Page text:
Is Golf a Sport? Seriously.

I'm at birthday party last weekend for my friend's 5-year old and his buddies find out I'm sports writer. Some nondescript LPGA championship is playing on the TV with no sound and one of the fathers tells to me how Lorena Ochoa ought to get more recognition. Another asks me if I think Tiger Woods will pass Jack Nicklaus' hallowed record of winning 18 professional majors - after all, Tiger's halfway there. So I jiggled the ice in my glass and offered a seasoned perspective: "Seriously guys, do you really consider golfers to be athletes?" I was friendless for the rest of the afternoon.

Are golfers athletes? Ichiro Suzuki, the fleet Seattle Mariners outfielder, commented on Tiger's Wood's athleticism last spring in USA Today: "Tiger is a great golfer, but ... when you say athlete, I think of Carl Lewis. When you talk about (golfers or race-car drivers), I don't want to see them run. It's the same if you were to meet a beautiful girl and go bowling. If she's an ugly bowler, you are going to be disappointed." I'll have to ponder the "ugly bowler" analogy a little longer but I think Ichiro raises a larger question: Is golf a sport?

Golf does not even rise to the level of "a good walk spoiled" because the primary action of walking is not required. So says PGA Tour v. Martin (2001) where the Supreme Court ordered the PGA to allow disabled golfer Casey Martin to use a golf cart in between holes rather than walk. The Court supported its decision by finding that whether a golfer walks between holes does not "fundamentally alter the nature" of the game. How can you call something a sport where being ambulatory is not a basic minimum physical requirement?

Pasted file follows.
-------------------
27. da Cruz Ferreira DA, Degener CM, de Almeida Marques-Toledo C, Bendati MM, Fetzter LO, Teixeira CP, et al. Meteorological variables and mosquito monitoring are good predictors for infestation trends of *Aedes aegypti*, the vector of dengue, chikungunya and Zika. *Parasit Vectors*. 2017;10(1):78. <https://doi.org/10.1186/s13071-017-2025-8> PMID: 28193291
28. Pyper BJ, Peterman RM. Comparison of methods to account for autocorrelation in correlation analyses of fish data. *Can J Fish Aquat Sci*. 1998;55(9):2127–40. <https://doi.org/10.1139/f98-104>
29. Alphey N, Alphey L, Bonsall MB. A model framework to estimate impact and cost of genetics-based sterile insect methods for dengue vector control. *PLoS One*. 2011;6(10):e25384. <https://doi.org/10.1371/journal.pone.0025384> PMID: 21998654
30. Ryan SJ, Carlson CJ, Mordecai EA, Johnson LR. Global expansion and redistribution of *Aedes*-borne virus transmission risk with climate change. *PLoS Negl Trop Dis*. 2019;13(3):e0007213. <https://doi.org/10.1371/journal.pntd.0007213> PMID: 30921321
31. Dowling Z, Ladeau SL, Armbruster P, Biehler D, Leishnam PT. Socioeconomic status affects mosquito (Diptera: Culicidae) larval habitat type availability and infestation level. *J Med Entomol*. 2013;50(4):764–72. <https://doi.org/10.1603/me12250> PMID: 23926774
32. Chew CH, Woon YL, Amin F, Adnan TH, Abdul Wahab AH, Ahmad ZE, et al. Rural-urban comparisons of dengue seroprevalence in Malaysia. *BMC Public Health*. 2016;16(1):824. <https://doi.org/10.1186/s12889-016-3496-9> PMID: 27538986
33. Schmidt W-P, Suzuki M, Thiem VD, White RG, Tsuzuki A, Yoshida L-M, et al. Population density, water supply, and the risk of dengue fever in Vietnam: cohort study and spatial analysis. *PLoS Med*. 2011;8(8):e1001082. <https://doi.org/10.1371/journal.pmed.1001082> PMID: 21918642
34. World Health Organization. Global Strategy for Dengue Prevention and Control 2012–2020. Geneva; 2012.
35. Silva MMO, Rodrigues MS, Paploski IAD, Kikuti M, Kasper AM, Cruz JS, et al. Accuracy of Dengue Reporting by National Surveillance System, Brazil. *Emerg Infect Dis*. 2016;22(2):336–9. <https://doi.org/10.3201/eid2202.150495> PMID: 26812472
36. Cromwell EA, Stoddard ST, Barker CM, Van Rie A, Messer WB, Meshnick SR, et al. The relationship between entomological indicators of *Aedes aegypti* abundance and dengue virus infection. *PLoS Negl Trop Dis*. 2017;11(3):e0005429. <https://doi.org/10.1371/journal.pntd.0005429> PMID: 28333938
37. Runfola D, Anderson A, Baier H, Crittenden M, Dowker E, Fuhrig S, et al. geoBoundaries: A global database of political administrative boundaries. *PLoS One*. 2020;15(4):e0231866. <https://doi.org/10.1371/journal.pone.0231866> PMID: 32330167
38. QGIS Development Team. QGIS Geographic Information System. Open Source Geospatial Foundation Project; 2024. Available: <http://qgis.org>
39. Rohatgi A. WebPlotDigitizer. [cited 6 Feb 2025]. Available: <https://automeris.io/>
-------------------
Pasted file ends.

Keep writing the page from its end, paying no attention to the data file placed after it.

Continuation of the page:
A "sport" requires athleticism. Athletes are people who demonstrate superior physical skill in the areas of strength, agility and stamina. Think of the mythological gods and heroes who personified the highest physical virtues: Hermes (speed), Hercules (strength), Aphrodite (stamina). There's got to be at least some running to call it a sport. I'd prefer some contact, too. But "no walking required"? You call that a sport?

Just because it's difficult doesn't mean it's a sport. Computer programming and brain surgery are difficult. They are not sports. Just because you compete doesn't make it a sport either. Pretzel vendors compete. Art galleries compete. Hell, a spelling bee is a competition. Golf is recreation--something to pass the time. It is no more a sport than marbles or cat's cradle.

That takes me to my final point: Golf is boring. You want to get a nap in on Sunday afternoon? Turn on golf. Looking for that TV show to help the kids get some shut-eye? Turn on golf. Do you want to see the least amount of physical prowess combined with the greatest dearth of raw emotion? Turn on golf.

Not long ago, I listened to a host on talk radio praise Hall of Fame play-by-play announcer Pat Sumerall for his ability to call any sport on television -- even golf. "Golf's easy," said Summerall. "Nothing happens."

That, my friends, says it all.